AURORA | Bill Chavez scanned three monitors in the security office at Grandview High School, screens designed to keep tabs on about 2,700 students spread across the 346,000-square-foot campus.
Only one of the monitors was working properly, beaming fuzzy and indistinct images from more than 43 cameras set up in hallways, athletic rooms and parking lots. Four of those 43 cameras weren’t working. Another screen was frozen, stuck on a single error message after an unsuccessful attempt to review a specific tape. The third screen was dead.
Chavez, the school’s security supervisor for the past 13 years, said he’s gotten used to Grandview’s fickle and outdated security system. The analogue cameras are out of production, so repairs are a headache. The ones that do work convey grainy images, footage that’s tough to discern. Going over security tapes poses its own headaches.
“Say something happened in the parking lot. When you try to go back and review tape … it freezes up on you,” Chavez said. “The cameras have been here 14 years now. They were here when the school opened up, and they’ve never really been upgraded. Now they’re really starting to go out.”
The situation is similar at schools across the Cherry Creek School District. Outdated and out-of-production cameras are being replaced with parts from other outdated and out-of-production cameras. As enrollment swells at Grandview, Cherokee Trail and other Aurora high schools, camera systems from more than a decade ago are responsible for monitoring thousands and thousands of students. It’s a pressure that district officials are hoping to address in this fall’s bond issue election, a $125 million ballot question that includes about $2.7 million for hundreds of new cameras and digital, IP-based systems that feature clearer pictures and more readily available replacement parts.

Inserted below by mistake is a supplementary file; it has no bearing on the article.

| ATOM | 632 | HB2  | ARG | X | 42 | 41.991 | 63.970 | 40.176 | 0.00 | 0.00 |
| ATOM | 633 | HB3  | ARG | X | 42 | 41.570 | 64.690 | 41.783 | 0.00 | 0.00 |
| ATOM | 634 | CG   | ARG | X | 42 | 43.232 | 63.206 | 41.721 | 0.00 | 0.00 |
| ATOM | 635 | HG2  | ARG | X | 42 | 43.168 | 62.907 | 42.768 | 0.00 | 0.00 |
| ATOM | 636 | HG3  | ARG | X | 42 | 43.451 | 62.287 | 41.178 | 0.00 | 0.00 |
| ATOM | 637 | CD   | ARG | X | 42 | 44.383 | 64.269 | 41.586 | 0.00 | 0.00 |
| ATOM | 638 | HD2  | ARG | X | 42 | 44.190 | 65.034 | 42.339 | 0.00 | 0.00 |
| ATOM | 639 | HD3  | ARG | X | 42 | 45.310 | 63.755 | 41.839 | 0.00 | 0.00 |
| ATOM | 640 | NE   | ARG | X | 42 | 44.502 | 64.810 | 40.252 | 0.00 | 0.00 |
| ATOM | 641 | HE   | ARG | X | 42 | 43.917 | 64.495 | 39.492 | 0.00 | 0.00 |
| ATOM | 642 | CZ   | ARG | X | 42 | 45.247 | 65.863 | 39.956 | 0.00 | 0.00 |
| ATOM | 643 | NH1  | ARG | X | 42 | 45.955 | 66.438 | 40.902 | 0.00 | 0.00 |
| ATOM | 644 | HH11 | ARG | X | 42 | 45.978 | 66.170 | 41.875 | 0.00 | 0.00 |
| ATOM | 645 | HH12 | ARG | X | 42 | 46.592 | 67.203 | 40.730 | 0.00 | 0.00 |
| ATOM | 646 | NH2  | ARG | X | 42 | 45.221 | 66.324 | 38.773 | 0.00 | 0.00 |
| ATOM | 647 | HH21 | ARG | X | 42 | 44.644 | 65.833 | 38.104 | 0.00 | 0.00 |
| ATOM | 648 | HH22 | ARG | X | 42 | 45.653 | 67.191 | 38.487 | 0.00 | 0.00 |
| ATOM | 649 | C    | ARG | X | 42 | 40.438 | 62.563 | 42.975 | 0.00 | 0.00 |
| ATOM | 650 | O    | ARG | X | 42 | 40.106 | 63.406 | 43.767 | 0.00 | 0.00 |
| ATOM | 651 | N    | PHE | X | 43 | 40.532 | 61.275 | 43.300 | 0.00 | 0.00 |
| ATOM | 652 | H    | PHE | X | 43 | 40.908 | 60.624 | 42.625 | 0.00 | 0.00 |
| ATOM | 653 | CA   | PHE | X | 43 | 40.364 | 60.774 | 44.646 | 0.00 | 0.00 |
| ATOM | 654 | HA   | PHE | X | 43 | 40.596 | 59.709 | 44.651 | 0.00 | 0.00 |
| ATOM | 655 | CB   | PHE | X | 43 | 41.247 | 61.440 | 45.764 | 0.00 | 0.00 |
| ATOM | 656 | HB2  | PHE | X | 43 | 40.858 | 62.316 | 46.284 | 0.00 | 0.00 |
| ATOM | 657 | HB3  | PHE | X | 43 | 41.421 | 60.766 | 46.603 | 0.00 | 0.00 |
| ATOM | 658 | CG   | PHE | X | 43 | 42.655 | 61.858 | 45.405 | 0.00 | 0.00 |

“We have eliminated our capital reserve budget over the past three years to help balance the general budget. We’ve created this cycle that we need to get out of,” said Cherry Creek Assistant Superintendent Scott Siegfried, adding that the new system would give security staff more immediate access to footage. “It gives our security, police, first responders much more of an ability to pull up cameras at a moment’s notice. Right now, you wouldn’t be able to tell who the people are who are involved. With the upgraded system, you’re able to see more clearly.”
Comprehensive camera systems in schools became the norm in the wake of the Columbine shootings in 1999. In the years following the tragedy, Cherry Creek formalized a districtwide security protocol, one that included updated camera systems, a district care line and other measures.
“That’s really when we started to put cameras into place,” Siegfried said. “This is a critical part of it. It’s part of that puzzle that creates a safe school. It’s not the only thing, but it’s an important part of it … It’s security staff, it’s teachers in the hallways, it’s kids watching out for one another … It’s all of those pieces that come together. If one of them doesn’t exist, they all fall down.”
Along with the $125 million bond question, the district is asking voters to approve a $25 million mill levy issue. The two issues, which will appear as 3A and 3B on the ballot, are intertwined, officials say, and will both have important impacts on everything from curriculum to capacity. If the bond question doesn’t pass, the security systems will still be at the top of the district’s priority list. The challenge will be finding the $2.8 million to replace almost 1,000 cameras.
“It would be just like everything else. We’ll have a lot of budget cuts we’ll have to make,” Siegfried said, suggesting that cuts would possibly hit class size or teacher positions to find the money to fund the new security equipment.
Wherever the funding comes from, Chavez said the need is dire. In his years as security supervisor, the cameras have played a key role, allowing personnel to respond quickly to fights between students, incidents in the parking lots and other dust-ups at the school. He spoke as critical cameras positioned at the school’s front doors, its upper hallways and its back entrances were temporarily dark.
“There are thousands of kids roaming around (upstairs), and I only have one camera up there now,” Chavez said. “We don’t have anybody to buy us a new one.”
Reach reporter Adam Goldstein at email@example.com or 720-449-9707